Tales from the Tour

I’m currently on tour on the East Coast, and so far it has been a wonderful experience! The first workshop on Stories for the Future with Bright Flame was wonderful, with an amazing group of around sixty people in the Community Room at WestBeth, an artists’ co-op in the West Village.  We worked with stories on three levels:  our personal stories, with ourselves as protagonists, exploring our identities, our core questions and the beliefs that either help us move forward or hold us back.  We had people draw a simple mask on a paper plate—I’ve done this before and I’m always amazed at what comes out.  For myself, this time, it was an Iberian eye Goddess but somehow in my rendition she looked a lot more like a cartoon space alien.  I will have to ponder the meaning of this!

We also worked with our ancestral stories, with the strengths we draw from our heritage, and also what aspects we would like to release.  Then we ended with a ritual in which we stepped through a portal, out of time, to envision a future we wanted to live in, and plant its seeds in that timeless place.  Lots of singing, drumming, chanting and dancing—and raising of power to help us realize that vision!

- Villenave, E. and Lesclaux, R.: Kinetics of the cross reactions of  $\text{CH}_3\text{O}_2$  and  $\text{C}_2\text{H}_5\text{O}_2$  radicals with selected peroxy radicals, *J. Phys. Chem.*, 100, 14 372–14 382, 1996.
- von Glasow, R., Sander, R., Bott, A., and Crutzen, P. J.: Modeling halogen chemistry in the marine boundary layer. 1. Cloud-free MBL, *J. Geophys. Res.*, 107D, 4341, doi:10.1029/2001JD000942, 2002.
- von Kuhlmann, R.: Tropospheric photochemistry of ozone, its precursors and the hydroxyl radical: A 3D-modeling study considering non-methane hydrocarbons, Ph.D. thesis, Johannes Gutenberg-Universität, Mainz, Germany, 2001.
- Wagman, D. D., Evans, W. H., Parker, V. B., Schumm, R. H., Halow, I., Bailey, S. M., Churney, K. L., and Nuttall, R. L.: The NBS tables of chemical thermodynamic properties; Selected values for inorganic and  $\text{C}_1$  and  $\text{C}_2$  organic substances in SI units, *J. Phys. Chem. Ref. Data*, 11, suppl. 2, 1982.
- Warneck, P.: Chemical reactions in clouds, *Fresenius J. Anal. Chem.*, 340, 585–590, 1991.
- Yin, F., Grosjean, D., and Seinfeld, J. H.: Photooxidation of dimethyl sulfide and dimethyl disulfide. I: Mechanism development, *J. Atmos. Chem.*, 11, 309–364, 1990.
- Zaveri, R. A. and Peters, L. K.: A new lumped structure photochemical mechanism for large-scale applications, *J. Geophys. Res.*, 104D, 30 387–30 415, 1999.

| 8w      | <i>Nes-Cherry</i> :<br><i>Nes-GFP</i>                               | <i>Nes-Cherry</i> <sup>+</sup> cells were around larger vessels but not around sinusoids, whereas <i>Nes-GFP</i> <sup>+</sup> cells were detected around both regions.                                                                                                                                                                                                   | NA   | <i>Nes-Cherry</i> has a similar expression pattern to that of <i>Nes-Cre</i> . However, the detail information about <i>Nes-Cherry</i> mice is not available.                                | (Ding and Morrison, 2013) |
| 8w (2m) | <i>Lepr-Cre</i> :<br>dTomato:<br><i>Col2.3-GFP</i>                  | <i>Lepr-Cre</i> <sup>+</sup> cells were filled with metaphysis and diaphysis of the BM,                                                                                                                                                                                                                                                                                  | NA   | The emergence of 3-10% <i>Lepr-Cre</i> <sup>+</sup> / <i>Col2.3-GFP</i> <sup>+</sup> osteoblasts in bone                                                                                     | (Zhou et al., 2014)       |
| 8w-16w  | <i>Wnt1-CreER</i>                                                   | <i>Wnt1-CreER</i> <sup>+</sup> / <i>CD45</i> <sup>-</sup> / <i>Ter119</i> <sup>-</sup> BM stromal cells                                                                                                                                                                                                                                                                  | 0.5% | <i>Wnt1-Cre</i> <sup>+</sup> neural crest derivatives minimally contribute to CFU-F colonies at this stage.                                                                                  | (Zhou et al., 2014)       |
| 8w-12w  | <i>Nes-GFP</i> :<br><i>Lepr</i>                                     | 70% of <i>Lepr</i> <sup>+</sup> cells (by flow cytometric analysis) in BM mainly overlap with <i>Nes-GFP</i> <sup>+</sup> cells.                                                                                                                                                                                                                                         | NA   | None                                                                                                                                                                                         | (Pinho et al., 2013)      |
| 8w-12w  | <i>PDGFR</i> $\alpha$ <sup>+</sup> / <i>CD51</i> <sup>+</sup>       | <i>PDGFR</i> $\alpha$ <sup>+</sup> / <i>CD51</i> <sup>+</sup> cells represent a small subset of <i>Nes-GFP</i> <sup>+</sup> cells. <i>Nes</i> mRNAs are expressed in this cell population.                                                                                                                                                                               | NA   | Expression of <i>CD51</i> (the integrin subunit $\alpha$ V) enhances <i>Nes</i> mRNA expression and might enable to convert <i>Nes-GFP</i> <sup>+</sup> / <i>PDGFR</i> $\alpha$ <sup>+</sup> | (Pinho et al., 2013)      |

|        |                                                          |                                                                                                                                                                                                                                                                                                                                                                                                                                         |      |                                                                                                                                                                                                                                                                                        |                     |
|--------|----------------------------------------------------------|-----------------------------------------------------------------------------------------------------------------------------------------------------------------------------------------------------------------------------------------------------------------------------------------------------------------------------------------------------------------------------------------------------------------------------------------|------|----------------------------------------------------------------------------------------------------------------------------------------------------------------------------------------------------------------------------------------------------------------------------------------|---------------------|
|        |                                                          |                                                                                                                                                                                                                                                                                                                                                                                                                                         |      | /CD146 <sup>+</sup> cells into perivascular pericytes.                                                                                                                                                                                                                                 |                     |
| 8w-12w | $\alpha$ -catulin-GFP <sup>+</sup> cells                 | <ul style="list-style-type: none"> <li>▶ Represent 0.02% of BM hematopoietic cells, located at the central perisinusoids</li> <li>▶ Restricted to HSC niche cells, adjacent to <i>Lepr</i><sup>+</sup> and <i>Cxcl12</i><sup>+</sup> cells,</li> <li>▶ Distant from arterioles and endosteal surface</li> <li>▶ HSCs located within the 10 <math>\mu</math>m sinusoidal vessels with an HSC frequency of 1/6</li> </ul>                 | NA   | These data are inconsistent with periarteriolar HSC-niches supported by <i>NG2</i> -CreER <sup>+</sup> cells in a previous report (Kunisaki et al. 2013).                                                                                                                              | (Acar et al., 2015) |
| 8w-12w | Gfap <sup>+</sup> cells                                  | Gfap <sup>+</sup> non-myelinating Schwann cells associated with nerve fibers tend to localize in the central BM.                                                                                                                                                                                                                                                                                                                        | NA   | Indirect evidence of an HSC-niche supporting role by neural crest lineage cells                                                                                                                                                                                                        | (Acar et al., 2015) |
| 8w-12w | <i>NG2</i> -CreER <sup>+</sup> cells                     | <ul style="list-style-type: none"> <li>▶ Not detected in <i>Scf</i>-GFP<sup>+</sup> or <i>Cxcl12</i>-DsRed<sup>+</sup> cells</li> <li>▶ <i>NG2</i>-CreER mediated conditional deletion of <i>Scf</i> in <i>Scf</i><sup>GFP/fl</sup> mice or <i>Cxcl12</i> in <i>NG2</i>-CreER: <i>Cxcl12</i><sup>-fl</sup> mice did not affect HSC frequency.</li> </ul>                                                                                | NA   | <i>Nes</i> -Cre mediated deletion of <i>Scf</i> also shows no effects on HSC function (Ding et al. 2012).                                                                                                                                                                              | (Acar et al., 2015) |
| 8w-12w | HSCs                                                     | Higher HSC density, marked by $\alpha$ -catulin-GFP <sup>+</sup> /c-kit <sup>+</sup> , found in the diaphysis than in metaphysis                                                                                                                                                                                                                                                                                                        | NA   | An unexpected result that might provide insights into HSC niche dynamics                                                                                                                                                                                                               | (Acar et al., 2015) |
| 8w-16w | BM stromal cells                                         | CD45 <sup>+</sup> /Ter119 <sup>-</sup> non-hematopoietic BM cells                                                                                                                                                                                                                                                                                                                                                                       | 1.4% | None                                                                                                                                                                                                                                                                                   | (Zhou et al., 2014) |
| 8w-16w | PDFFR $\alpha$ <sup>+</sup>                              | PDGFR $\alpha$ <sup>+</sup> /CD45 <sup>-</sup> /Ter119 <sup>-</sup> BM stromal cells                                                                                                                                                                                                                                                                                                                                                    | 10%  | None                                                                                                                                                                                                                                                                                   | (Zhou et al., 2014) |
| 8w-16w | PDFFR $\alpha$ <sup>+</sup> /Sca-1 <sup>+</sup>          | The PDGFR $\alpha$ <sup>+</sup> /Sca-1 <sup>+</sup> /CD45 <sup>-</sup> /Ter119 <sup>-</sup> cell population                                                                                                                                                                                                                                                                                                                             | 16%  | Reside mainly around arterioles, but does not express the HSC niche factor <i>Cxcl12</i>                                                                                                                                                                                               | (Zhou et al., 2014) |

On the beautifully decorated stage in Syracuse. Photo by Marie Summerwood.

On the beautifully decorated stage in Syracuse. Photo by Marie Summerwood.

Then on Sunday I did a talk and reading at Evolver’s new Alchemists’ Kitchen herbal shop and elixir bar in the Lower East Side.  I challenged myself to actually read some of the erotic parts of the book out loud.  To my surprise, I enjoyed it—and hopefully the audience did too!

It’s always a challenge to decide what parts of the book to read, how to convey the essence of it without giving away too much of the plot.  There’s a lot of action in the book—but it’s much harder to find those sections and read them without spoiling it for future readers.  So I tend to read more poetic parts  that are easier to take out of context.  Some times I want to tell people, “Hey, it really is exciting!  Trust me on that.”